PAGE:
The Preserving Machine

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Bizarre invention of Dr. Rupert Labyrinth, in the short story "The Preserving Machine," by Philip K. Dick, first published in the June 1953 issue of The Magazine of Fantasy & Science Fiction. Concerned about preserving music, art, and culture in an unstable world, he invents this machine to turn musical scores into living creatures. He designs it, but sort of hilariously subcontracts it out to "A small midwestern university." It works, and the animals have the characteristics of the music: Beethoven beetle, Bach bug, Schubert lamb-puppy, Mozart peacock-like bird, Stravinsky bird, a Wagner animal. Unfortunately, the animals go feral, and the Wagner animal turns wolfish, killing the Schubert animal. Doc catches one of the changed Bach bugs that has developed poisoned spines, and runs it though the machine backwards:

He picked up the fruit jar carefully and we walked downstairs, down the steep flights of steps to the cellar. I made out an immense column of dull metal rising up in the corner, by the laundry tubs. A strange feeling went through me. It was the Preserving Machine.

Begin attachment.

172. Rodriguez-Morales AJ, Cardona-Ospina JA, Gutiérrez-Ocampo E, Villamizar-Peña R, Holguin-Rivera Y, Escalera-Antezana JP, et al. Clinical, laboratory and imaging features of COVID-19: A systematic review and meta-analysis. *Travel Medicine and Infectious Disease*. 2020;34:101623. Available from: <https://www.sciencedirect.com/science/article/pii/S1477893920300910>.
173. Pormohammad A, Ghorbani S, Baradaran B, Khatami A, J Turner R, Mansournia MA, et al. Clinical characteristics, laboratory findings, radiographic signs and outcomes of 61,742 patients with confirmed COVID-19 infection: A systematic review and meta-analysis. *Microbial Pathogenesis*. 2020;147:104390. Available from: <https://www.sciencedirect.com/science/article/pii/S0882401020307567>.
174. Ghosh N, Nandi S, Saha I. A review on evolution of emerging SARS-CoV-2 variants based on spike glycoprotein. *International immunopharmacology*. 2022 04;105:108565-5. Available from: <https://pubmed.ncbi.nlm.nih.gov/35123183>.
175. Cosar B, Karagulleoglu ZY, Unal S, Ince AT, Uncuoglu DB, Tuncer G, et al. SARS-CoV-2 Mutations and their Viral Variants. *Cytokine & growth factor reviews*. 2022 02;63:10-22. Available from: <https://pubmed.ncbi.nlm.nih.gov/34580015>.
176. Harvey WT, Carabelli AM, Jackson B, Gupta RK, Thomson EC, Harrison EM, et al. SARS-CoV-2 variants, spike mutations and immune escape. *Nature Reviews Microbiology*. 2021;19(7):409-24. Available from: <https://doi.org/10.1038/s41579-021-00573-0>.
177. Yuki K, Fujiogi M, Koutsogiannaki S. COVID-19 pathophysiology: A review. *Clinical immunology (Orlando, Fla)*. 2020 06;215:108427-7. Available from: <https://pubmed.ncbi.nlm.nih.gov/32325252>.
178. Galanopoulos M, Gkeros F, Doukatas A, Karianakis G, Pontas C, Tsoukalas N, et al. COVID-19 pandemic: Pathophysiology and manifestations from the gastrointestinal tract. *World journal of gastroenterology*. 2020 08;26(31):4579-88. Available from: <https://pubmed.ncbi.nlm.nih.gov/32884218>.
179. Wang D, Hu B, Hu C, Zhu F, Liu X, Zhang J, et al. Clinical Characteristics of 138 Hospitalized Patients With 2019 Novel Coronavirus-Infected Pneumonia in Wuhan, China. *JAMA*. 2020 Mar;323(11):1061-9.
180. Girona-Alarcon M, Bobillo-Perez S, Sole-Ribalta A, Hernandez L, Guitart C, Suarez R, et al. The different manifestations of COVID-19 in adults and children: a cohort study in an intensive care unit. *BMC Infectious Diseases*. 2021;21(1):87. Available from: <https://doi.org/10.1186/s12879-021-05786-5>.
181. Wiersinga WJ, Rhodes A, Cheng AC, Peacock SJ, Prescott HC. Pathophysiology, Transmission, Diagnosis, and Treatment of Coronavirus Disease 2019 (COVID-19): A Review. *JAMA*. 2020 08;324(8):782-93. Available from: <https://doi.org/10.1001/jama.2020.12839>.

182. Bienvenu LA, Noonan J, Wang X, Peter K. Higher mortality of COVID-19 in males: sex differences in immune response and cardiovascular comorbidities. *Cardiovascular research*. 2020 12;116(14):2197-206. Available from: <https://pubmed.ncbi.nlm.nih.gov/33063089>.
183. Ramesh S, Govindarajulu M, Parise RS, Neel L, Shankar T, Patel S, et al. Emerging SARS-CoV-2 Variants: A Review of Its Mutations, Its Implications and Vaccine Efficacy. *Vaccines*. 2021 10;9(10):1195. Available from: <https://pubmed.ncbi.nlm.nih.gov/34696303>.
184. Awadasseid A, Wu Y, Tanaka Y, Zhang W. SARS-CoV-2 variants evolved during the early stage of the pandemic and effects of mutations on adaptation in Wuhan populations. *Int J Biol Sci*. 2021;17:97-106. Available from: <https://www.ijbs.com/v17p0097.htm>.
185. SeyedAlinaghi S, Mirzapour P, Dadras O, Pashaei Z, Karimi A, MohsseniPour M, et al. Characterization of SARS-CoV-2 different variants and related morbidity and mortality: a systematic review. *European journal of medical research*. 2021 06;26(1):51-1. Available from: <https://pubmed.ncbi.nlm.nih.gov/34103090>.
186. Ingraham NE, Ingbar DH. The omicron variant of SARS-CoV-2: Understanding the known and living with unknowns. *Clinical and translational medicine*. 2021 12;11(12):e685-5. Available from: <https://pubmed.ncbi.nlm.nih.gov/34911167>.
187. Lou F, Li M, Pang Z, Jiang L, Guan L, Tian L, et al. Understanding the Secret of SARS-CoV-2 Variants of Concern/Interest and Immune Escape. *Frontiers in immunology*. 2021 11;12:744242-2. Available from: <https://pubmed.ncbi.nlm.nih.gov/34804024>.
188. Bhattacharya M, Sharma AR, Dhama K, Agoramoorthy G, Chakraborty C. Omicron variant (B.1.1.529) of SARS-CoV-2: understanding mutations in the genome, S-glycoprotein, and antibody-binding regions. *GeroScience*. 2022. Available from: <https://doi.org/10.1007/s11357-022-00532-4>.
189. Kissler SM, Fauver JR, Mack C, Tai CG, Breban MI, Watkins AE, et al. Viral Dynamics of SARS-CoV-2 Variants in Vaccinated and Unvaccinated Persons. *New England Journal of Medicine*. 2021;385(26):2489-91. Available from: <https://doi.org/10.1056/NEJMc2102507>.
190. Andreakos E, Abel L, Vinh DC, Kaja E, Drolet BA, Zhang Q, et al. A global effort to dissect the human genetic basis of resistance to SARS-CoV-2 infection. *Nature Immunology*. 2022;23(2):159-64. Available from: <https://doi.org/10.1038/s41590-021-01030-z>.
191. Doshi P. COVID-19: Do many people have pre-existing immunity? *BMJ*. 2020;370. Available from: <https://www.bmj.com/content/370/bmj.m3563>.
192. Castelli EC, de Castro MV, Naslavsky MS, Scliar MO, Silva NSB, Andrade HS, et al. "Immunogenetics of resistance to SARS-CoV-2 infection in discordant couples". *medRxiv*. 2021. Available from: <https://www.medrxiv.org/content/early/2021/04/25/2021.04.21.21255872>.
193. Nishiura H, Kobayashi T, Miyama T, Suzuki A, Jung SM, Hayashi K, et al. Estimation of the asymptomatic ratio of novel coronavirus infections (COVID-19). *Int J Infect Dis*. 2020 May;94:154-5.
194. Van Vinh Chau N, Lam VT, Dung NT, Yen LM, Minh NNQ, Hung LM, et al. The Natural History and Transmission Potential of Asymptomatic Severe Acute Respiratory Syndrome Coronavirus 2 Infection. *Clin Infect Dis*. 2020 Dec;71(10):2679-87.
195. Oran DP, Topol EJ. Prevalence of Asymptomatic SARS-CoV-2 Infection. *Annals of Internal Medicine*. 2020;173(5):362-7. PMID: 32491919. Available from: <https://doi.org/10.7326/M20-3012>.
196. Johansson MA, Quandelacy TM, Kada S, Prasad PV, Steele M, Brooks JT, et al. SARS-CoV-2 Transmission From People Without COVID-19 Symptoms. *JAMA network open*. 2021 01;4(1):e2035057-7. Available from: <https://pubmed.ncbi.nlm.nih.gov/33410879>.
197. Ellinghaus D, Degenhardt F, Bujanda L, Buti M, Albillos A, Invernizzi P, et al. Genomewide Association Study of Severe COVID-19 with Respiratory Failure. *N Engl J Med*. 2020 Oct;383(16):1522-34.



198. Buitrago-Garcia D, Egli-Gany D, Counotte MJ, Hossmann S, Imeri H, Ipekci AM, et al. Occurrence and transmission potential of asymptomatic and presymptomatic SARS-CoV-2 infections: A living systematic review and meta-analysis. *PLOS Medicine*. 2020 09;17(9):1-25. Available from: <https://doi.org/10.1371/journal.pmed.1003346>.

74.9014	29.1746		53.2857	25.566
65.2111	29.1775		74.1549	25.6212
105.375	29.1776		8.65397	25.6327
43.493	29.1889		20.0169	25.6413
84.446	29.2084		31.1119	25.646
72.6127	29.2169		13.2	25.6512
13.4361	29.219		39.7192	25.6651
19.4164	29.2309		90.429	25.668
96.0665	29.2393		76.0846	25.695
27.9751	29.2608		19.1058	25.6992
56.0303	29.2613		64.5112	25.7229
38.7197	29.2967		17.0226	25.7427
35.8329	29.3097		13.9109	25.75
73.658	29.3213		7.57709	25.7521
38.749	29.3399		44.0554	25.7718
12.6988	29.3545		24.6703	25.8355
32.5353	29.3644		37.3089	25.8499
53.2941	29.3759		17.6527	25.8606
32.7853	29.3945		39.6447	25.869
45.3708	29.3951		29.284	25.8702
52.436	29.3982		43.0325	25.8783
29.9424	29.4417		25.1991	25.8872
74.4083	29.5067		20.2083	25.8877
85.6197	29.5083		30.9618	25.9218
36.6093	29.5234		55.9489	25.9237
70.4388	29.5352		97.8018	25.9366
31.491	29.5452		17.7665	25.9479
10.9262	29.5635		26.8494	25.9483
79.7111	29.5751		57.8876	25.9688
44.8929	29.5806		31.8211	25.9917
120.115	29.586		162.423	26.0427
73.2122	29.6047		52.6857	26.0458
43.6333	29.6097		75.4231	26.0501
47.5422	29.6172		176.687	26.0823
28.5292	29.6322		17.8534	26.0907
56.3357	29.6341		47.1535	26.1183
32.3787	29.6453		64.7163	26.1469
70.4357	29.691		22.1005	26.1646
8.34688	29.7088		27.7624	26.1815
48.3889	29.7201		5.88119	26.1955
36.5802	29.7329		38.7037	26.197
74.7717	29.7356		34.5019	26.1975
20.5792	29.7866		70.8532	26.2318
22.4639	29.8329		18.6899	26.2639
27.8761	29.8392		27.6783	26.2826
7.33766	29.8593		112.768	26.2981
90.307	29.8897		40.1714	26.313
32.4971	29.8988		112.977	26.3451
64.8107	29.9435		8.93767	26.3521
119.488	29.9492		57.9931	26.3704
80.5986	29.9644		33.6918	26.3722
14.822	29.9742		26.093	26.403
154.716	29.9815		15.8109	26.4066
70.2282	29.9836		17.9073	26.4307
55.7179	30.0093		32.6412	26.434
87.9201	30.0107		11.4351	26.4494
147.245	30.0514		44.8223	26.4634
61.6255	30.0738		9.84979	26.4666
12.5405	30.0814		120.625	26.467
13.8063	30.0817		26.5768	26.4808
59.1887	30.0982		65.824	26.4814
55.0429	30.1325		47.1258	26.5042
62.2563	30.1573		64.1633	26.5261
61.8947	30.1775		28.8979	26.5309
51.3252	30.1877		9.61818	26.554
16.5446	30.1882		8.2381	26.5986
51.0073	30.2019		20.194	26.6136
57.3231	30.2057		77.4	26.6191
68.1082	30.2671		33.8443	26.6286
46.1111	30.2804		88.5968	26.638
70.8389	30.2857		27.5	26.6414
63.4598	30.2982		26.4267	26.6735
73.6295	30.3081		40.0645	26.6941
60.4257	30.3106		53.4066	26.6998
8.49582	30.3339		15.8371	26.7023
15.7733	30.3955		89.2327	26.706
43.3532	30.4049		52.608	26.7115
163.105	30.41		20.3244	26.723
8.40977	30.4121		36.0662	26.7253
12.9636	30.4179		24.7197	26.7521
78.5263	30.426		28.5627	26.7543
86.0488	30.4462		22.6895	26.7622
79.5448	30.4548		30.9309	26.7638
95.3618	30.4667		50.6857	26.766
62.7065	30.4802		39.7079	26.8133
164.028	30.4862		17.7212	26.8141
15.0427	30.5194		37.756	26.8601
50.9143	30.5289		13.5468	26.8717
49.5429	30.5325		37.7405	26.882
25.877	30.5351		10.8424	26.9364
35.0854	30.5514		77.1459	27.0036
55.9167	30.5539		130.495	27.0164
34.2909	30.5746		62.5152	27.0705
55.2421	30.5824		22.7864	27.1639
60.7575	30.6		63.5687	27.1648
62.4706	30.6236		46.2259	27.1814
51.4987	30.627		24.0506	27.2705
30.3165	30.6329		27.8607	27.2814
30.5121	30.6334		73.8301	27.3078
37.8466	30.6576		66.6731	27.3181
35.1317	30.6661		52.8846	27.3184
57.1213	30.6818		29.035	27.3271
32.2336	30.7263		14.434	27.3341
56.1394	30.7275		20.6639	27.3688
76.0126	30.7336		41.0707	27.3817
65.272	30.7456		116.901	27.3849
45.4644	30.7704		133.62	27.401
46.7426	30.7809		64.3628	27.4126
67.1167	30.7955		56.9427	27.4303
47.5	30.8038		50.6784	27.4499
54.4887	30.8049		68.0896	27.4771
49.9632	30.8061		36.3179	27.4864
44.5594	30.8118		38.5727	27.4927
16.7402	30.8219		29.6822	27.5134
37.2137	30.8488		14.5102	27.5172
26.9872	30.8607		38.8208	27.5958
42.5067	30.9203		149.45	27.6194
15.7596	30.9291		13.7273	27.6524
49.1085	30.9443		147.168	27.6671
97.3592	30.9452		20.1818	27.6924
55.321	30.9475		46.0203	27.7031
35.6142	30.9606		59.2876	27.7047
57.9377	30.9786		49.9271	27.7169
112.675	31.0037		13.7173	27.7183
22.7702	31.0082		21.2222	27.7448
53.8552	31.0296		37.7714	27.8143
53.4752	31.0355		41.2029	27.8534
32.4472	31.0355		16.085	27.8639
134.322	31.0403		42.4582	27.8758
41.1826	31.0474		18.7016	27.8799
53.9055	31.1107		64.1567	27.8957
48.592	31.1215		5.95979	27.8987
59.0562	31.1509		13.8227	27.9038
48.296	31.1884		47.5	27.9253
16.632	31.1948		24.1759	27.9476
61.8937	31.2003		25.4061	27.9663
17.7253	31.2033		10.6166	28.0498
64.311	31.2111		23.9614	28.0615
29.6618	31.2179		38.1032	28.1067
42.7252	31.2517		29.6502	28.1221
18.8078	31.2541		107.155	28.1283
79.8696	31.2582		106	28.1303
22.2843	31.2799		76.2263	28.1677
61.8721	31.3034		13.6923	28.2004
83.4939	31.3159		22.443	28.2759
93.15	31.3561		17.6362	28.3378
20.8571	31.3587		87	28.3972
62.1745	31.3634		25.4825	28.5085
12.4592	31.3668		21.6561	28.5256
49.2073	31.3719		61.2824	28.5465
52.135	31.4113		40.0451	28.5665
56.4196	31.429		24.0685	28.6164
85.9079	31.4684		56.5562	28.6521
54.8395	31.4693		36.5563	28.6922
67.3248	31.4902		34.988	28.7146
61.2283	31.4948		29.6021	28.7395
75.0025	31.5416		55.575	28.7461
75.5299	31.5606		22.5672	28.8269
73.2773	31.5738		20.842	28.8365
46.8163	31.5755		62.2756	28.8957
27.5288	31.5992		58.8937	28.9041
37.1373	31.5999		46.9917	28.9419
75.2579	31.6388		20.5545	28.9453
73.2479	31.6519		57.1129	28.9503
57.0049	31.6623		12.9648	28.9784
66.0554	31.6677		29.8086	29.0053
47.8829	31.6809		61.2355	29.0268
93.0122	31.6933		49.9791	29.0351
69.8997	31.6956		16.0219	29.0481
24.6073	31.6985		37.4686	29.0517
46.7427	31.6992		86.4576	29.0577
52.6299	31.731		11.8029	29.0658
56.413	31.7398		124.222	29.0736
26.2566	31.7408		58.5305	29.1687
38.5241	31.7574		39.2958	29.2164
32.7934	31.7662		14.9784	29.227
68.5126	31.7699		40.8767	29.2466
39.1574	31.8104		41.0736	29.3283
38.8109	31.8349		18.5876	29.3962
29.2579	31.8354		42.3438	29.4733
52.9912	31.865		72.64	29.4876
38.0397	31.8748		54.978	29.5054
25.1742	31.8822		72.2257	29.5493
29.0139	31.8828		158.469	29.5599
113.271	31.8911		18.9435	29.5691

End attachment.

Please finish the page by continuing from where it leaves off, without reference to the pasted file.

"So this is it," I said.

"Yes, this is it." Labyrinth turned the controls on and worked with them for a time. At last he took the jar and held it over the hopper. He removed the lid carefully, and the bach bug dropped reluctantly from the jar, into the Machine. Labyrinth closed the hopper after it.

"Here we go," he said. He threw the control and the Machine began to operate. Labyrinth folded his arms and we waited. Outside the night came on, shutting out the light, squeezing it out of existence. At last an indicator on the face of the Machine blinked red. The Doc turned the control to OFF and we stood in silence, neither of us wanting to be the one who opened it.

"Well?" I said finally. "Which one of us is going to look?"

Labyrinth stirred. He pushed the slot-piece aside and reached into the Machine. His fingers came out grasping a slim sheet, a score of music. He handed it to me. "This is the result," he said. "We can go upstairs and play it."

We went back up to the music room. Labyrinth sat down before the grand piano and I passed him back the score. He opened it and studied it for a moment, his face blank, without expression. Then he began to play.

I listened to the music. It was hideous. I have never heard anything like it. It was distorted, diabolical, without sense or meaning, except, perhaps, an alien, disconcerting meaning that should never have been there. I could believe only with the greatest effort that it had once been a Bach Fugue, part of a most orderly and respected work.

"That settles it," Labyrinth said. He stood up, took the score in his hands, and tore it to shreds.

Doc Labyrinth also appeared in a 1954 short story "The Short Happy Life of the Brown Oxford."

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